Astrophysical sites throughout the solar system and galaxy have the universal ability to accelerate ions and electrons to high speeds, forming energetic particle radiation. Detected remotely from radio and light emission around supernovae remnants, the Sun, and planets, or directly from particles that reach our detectors, this radiation arises from the explosive release of stored energy that can cause magnetic fields to rearrange, or can launch shock waves which accelerate particles by repeatedly imparting many small boosts to their speed. The nearly universal occurrence of energetic particle radiation, along with the effects it can have on planetary environments, evolution of life forms, and space systems has fostered a broad interest in this phenomenon that has long made it a high priority area of investigation in space science. Since remote sites in the galaxy cannot be studied directly, solar system sources of energetic particles give the best opportunity for studying all aspects of this complex problem.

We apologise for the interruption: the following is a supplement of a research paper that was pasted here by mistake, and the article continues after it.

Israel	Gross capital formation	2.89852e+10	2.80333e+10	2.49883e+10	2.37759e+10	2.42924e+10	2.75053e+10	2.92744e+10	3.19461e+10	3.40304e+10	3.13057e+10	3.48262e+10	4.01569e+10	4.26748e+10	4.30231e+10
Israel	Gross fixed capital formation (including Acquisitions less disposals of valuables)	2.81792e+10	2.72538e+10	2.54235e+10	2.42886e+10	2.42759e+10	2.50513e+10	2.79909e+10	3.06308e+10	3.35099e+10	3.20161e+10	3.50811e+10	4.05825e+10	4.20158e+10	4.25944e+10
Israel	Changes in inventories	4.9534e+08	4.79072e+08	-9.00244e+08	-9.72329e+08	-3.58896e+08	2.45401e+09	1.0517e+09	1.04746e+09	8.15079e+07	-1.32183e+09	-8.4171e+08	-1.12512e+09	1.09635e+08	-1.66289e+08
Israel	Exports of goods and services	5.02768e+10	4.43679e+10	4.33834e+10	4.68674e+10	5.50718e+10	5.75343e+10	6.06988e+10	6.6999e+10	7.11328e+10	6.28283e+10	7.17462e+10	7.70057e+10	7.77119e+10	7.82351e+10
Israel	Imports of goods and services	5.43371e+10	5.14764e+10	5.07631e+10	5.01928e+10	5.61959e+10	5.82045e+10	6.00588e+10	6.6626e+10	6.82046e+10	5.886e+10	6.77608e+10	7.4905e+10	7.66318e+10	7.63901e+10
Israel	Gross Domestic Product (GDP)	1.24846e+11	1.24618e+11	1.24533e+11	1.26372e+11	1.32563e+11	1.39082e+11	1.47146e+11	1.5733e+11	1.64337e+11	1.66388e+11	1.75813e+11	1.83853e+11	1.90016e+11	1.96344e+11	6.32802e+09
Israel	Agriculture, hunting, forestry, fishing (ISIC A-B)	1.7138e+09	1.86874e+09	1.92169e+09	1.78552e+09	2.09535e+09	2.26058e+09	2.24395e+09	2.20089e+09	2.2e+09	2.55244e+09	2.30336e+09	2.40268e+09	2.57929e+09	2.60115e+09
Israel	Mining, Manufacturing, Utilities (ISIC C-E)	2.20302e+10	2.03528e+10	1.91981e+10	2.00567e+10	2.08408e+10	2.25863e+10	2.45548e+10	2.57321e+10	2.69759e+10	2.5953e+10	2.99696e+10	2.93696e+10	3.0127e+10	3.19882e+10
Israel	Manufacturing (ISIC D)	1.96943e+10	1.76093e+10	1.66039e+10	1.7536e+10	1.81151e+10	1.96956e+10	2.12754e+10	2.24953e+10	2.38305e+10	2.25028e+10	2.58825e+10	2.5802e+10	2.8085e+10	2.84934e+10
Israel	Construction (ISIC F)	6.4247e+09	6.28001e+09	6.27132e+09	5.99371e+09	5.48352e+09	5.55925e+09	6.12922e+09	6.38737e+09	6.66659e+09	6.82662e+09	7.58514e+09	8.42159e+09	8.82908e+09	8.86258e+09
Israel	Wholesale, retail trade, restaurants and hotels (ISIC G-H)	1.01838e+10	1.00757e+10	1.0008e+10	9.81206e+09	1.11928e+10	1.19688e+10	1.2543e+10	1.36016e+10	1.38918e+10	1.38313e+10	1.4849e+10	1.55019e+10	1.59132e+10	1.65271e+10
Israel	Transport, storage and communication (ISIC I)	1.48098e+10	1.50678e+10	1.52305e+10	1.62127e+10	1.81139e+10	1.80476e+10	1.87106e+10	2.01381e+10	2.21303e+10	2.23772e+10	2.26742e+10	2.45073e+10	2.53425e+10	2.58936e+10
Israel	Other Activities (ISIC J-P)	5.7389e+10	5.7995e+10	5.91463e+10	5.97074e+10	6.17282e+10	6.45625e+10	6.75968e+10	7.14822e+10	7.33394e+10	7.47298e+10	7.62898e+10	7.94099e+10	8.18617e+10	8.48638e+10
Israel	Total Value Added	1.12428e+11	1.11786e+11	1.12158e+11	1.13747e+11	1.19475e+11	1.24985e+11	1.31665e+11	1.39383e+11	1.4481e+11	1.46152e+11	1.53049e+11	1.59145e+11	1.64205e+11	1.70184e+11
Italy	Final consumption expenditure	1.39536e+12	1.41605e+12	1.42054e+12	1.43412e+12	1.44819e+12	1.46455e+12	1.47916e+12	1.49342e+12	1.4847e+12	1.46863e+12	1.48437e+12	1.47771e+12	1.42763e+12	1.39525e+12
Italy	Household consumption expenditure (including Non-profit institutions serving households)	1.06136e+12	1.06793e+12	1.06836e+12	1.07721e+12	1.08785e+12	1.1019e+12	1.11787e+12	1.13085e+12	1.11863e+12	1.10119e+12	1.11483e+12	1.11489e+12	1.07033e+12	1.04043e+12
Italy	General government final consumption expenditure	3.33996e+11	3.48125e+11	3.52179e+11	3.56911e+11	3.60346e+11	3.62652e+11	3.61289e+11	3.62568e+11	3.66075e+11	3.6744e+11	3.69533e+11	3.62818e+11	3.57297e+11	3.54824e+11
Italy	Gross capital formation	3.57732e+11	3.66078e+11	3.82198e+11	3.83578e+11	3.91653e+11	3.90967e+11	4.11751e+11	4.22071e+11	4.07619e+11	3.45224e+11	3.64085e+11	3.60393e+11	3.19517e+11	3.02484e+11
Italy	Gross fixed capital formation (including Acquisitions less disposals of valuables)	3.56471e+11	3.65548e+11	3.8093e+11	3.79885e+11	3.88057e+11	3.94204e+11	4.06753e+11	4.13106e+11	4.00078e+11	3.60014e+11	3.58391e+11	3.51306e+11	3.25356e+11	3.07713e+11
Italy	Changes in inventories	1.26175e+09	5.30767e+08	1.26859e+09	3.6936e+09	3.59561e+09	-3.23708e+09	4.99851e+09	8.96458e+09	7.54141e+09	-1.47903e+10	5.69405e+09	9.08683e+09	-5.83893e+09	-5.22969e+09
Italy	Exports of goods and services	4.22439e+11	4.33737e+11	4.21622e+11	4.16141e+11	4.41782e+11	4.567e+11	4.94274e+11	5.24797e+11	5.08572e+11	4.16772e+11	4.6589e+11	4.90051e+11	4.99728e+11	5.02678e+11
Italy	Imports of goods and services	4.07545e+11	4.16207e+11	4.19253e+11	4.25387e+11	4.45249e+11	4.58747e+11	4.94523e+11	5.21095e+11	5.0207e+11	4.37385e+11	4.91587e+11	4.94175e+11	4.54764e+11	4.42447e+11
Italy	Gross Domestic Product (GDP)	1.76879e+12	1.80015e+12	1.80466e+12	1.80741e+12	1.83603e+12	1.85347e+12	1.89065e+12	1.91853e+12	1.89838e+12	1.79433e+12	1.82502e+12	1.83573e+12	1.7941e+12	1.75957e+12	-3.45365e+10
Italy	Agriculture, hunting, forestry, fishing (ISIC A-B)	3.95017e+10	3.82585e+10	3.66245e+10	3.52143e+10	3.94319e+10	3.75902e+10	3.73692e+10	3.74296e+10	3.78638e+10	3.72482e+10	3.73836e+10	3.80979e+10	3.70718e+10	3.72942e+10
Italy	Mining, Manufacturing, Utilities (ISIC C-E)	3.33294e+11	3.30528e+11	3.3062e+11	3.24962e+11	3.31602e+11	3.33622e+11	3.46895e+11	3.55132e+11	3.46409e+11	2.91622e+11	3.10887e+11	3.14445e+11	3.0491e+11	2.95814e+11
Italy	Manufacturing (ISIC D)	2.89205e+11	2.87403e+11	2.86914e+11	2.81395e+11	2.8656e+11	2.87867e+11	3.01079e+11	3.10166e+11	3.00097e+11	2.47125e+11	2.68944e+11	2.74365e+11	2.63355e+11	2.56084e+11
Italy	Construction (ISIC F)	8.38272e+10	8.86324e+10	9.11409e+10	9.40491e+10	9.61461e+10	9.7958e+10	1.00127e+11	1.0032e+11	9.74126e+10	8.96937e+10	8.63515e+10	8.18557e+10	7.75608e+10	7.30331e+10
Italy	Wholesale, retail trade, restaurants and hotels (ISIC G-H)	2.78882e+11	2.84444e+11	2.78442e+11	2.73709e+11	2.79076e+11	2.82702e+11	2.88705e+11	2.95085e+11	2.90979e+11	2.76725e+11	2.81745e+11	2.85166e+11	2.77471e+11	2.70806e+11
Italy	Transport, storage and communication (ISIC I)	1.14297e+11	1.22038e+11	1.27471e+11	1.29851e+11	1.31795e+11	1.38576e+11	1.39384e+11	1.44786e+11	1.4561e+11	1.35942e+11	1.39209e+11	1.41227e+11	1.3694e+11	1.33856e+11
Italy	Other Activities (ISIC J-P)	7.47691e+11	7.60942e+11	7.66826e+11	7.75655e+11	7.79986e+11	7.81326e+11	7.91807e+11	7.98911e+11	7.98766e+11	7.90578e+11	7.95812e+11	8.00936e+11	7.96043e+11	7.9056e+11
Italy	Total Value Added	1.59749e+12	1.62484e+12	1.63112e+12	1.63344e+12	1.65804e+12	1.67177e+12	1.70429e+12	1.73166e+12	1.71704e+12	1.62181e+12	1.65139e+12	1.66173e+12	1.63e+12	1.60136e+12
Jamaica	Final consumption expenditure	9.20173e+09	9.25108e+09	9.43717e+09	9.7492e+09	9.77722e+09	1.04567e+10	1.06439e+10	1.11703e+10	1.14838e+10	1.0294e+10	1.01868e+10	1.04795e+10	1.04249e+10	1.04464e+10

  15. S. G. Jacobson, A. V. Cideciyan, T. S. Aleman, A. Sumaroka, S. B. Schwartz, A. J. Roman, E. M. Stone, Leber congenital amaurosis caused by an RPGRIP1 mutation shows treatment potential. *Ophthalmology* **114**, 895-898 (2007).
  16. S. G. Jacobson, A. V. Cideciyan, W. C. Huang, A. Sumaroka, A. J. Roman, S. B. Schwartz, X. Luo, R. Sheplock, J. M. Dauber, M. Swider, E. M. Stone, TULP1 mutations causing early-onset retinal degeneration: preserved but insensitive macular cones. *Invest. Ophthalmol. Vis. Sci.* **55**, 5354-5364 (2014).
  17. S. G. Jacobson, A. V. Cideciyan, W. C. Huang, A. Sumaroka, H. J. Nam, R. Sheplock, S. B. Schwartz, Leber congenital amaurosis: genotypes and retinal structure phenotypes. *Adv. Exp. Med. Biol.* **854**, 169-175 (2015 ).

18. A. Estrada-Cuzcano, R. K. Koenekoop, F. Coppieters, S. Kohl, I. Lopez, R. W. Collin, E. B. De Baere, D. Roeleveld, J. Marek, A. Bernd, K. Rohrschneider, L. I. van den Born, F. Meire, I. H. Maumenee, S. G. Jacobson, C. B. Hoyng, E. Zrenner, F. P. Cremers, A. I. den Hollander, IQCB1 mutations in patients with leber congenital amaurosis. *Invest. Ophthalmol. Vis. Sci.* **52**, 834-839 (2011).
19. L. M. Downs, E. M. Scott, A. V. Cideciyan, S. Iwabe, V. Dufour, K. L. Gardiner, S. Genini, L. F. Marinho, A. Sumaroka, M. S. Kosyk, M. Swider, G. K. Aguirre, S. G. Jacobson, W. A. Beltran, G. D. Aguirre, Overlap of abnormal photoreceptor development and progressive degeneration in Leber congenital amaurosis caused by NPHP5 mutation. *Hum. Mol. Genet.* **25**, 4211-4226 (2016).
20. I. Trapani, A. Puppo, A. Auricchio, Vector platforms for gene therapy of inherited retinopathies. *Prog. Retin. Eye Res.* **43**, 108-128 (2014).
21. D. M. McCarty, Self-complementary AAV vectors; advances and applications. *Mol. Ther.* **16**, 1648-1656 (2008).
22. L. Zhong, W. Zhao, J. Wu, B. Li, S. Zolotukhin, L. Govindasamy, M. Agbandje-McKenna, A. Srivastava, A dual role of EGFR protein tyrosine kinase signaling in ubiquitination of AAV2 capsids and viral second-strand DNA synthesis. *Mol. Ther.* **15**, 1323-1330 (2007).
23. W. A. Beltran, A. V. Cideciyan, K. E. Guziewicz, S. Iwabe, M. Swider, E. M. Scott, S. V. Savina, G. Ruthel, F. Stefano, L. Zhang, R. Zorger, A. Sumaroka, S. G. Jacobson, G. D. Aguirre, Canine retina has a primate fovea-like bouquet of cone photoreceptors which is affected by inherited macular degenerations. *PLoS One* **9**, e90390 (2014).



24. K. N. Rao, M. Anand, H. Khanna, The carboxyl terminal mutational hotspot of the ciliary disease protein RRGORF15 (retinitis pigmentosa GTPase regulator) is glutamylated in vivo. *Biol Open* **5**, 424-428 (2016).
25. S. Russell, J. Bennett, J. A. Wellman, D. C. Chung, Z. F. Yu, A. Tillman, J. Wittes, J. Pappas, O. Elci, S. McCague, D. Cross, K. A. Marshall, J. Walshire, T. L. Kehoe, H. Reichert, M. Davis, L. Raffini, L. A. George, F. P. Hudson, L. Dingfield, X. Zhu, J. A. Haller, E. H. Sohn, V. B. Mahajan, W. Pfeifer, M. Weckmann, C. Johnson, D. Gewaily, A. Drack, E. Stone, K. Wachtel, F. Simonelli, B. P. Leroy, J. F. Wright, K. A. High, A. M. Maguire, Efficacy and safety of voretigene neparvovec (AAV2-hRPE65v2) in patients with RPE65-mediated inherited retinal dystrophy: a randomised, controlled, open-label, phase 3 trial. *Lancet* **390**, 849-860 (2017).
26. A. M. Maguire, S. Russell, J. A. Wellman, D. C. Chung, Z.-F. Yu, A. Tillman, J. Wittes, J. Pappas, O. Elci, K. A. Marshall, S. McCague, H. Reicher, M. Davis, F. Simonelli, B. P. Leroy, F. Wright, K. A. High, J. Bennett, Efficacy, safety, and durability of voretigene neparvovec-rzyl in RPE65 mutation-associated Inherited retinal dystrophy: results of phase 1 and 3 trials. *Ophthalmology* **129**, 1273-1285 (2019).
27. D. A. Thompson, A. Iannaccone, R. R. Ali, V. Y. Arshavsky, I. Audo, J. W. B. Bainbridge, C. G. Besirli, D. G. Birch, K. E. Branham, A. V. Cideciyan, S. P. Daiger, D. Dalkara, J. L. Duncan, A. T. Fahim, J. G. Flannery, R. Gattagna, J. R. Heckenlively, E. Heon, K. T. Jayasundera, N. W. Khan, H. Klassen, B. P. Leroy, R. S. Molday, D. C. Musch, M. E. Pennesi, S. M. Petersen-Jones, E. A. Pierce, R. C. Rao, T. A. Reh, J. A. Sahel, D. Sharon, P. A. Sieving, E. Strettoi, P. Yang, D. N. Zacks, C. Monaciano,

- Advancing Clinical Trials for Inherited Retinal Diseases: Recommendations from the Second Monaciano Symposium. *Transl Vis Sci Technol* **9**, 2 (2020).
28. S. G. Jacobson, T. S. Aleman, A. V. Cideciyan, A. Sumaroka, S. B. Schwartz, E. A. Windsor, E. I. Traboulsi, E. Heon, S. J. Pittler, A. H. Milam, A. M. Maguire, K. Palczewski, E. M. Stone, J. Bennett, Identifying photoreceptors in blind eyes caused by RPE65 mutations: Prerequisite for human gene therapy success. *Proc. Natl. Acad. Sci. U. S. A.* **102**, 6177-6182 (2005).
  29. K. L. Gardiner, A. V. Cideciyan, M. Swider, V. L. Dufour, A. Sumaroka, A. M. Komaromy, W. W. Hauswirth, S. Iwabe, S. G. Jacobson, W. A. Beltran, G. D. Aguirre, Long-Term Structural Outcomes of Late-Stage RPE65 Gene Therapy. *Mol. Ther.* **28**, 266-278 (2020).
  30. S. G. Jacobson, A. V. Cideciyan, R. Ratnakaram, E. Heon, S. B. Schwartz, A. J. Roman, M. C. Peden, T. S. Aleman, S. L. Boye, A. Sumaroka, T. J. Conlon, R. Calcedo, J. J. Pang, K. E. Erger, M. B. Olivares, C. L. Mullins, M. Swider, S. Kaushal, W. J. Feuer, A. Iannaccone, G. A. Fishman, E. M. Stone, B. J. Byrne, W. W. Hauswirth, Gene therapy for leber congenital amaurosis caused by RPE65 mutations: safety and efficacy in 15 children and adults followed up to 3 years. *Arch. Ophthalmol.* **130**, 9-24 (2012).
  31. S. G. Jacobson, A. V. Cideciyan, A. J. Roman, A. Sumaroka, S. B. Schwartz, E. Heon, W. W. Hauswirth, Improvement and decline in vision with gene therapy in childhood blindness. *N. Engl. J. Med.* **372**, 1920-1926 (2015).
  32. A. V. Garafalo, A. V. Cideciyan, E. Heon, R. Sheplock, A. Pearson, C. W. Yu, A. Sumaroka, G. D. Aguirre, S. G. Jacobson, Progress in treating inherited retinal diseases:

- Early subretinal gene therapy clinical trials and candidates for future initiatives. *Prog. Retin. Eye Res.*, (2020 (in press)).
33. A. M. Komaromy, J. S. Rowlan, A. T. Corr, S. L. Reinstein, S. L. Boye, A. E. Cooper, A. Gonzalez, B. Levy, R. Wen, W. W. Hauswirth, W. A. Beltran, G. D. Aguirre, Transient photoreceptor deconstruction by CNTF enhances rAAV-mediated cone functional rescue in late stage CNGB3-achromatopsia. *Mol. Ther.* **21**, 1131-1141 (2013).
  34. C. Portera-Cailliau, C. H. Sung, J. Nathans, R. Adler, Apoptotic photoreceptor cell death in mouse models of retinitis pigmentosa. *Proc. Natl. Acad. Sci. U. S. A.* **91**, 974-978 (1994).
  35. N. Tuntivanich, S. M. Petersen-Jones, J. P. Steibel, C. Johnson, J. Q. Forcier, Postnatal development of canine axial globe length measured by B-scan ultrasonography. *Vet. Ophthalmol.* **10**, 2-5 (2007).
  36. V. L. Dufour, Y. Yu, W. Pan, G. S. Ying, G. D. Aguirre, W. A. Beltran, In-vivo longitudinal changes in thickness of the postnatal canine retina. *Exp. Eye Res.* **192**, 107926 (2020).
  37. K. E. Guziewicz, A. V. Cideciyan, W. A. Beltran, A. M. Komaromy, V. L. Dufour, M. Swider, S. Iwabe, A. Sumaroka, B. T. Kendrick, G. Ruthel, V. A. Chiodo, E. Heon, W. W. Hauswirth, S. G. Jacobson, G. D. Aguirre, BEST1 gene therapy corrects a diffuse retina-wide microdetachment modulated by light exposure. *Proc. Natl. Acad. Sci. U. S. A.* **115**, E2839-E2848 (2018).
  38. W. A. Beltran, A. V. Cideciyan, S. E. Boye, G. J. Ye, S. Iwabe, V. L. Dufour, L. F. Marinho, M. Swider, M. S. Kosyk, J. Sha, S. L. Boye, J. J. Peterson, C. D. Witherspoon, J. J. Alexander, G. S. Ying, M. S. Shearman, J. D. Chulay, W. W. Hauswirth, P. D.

The Sun is the most powerful particle accelerator in the solar system, routinely producing energetic particle radiation at speeds close to the speed of light, sufficiently energetic to be detected at ground level on Earth even under the protection of our magnetic field and atmosphere. SEP events can severely affect space hardware, disrupt radio communications, and cause re-routing of commercial air traffic away from polar regions. In addition to large events, which occur roughly monthly during periods of high sunspot count, more numerous, smaller solar events can occur by thousands each year, providing multiple opportunities to understand the physical processes involved. In the following sections, we have divided in more detail three interrelated questions that flow down from this top-level question: How and where are energetic particles accelerated at the Sun? How are energetic particles released from their sources and distributed in space and time? What are the seed populations for energetic particles?
SAP meeting on Objective 3 (22 September 2016) presentations:
George Ho: Suprathermal ions in the inner heliosphere